Northgard is an interesting mix of real-time and turn-based 4x strategy with an emphasis on a viking setting. The gameplay is familiar right out of games, making it more accessible than many strategy games, but as Northgard continues through its campaign, it reveals more layers and nuance as you juggle your resources against the need for expansion.
We start things off with a fairly standard story of revenge as our primary protagonist in the campaign is the sole survivor of an attack that killed his father and much of his clan’s leadership. He finds himself in a remote location trying to rebuild his kingdom so he can deliver some deserved retribution on his foes. Admittedly, the narrative is not terribly deep, but it gets the job done and does a nice job of introducing new gameplay elements over time as well as exposing you to the different tribes in the game.
These clans or tribes each have their own advantages. For example, one of the clans has an easier time raising happiness if you meet certain conditions in your areas. There are six clans in total, and they all have their own unique flavors that break up what could otherwise have become a somewhat redundant campaign as it forced me to consider how I wanted to tackle each map. The objectives were always somewhat straightforward, and as long as I gave my initial plan a bit of thought, never really all that difficult to advance through.
Having recently played another strategy / simulation game heavily recently (Frostpunk), I found it interesting that in Northgard, things get their diciest when winter is mixed into the scenario. Not only does it make resources much harder to come by, but I found myself going through said resources as well, putting a heavy emphasis on preparation before those frigid months roll in. Generally speaking, the events that occur provide some challenge, and they can certainly throw off the carefully made plans I had going in, but I was almost always able to recover from those surprises once I had a firm grasp on the game’s mechanics.
It helps that the game’s tutorials, especially in the beginning are quite clear as they lead you from one objective to another, explaining how things work along the way. One of the best aspects of the game is that your citizens are blank slates. You can pretty much use them in whatever capacity you like, from working in a market, to becoming lumberjacks to training as warriors. Like many 4x titles, you can win a variety of ways in the skirmish / non-campaign modes, so having the flexibility to make your units into whatever you want is a nice touch.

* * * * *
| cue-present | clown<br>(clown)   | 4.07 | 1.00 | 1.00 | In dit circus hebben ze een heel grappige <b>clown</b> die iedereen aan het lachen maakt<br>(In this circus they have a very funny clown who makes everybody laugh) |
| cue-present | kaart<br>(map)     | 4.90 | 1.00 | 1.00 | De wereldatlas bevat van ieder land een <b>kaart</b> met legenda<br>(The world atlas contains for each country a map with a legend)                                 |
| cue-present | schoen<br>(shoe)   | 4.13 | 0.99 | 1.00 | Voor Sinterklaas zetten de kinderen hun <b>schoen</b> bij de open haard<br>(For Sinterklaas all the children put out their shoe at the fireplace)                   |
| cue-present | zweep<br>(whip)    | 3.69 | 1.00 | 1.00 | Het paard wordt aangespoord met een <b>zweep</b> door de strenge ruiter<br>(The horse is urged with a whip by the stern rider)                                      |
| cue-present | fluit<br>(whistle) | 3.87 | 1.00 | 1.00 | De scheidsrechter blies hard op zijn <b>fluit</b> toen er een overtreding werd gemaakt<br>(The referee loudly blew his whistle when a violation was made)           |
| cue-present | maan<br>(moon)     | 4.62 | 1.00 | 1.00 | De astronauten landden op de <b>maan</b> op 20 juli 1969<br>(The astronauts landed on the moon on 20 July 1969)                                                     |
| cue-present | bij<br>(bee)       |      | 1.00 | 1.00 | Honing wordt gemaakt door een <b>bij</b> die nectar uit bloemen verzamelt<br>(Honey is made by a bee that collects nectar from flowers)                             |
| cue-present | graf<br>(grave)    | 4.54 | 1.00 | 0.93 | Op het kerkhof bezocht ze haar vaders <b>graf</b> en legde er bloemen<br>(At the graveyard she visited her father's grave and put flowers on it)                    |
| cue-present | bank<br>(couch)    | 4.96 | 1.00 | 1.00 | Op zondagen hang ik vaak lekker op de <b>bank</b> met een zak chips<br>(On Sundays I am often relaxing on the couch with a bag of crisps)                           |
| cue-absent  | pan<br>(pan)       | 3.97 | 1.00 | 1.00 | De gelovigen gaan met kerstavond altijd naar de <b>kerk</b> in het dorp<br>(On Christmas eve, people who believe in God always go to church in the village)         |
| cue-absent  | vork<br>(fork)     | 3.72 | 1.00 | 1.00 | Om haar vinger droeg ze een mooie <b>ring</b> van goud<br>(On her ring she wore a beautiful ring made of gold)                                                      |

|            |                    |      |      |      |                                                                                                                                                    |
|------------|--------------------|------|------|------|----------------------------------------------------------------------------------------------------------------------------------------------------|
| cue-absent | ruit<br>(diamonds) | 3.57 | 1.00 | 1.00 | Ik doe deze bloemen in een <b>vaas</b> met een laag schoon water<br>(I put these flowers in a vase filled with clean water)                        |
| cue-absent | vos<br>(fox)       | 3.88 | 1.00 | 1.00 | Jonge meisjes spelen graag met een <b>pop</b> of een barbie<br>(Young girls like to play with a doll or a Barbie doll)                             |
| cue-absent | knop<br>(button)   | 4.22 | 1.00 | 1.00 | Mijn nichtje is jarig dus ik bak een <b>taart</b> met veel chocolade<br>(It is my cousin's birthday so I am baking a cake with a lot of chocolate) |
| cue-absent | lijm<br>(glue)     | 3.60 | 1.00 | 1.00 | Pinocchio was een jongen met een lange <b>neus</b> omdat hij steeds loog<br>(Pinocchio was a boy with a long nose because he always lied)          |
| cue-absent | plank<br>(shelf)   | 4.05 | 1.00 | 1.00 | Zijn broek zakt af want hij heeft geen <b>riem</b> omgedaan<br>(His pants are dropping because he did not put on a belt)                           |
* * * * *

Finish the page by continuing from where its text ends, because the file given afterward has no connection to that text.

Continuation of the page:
Visually Northgard is a bit of a mixed bag, as the cut scenes are pretty generic in appearance, but the actual maps themselves are pleasantly designed and colored, if not overly detailed. Units are a bit on the small side and easy to lose track of, but the landscapes and larger buildings are actually quite nice to look at. The music is fitting if not terribly memorable and there is little spoken dialog to be had along the way. Not that it probably matters too much, since the dialog was pretty bland the majority of the time and did not always feel like it fit with the viking setting. The revenge tale is alright to kick things off, but honestly the story never really held my interest. It was just an excuse to go out and experience what the different clans can do as I trekked through the campaign. I was far less interested in what would happen next in the story than I was in seeing what made the next clan different from the others.
Once I worked through the campaign, it was time to try out the multiplayer and skirmish modes. Basically these are the more open, sandbox-like settings as opposed to the objective-structured campaign mode. I am not usually a big fan of multiplayer 4x due to how time-consuming they can be, but Northgard has a nice pace to it due to its mixture of turn-based and real-time elements. The AI from the computer controlled clans can be a bit sketchy at times, but more often than not they make reasonable decisions. The menus could be a bit of a hanging point here, as the game was clearly designed for a keyboard and mouse on a PC. Overall it translates pretty well here, but every now and then I found myself hitting the wrong button or direction and having to back out of a structure I had no intention of building. It is probably as good as one can hope for a game of this title, and I am happy to see proper strategy games get the chance to come over to a console.
As you get deeper into your sessions and your lands start to spread out, the micromanagement can be a little bit of a chore, as is just about always the case for these types of games. I was a bit surprised at how manual combat is – it is almost always intentional and while you can let it coast automatically, the results are usually not as good as if you have a bit of manual intervention. At its base, your warriors will smack around whatever is closest to them, which makes knowing what angles you are attacking a region from pretty important and best not left to AI.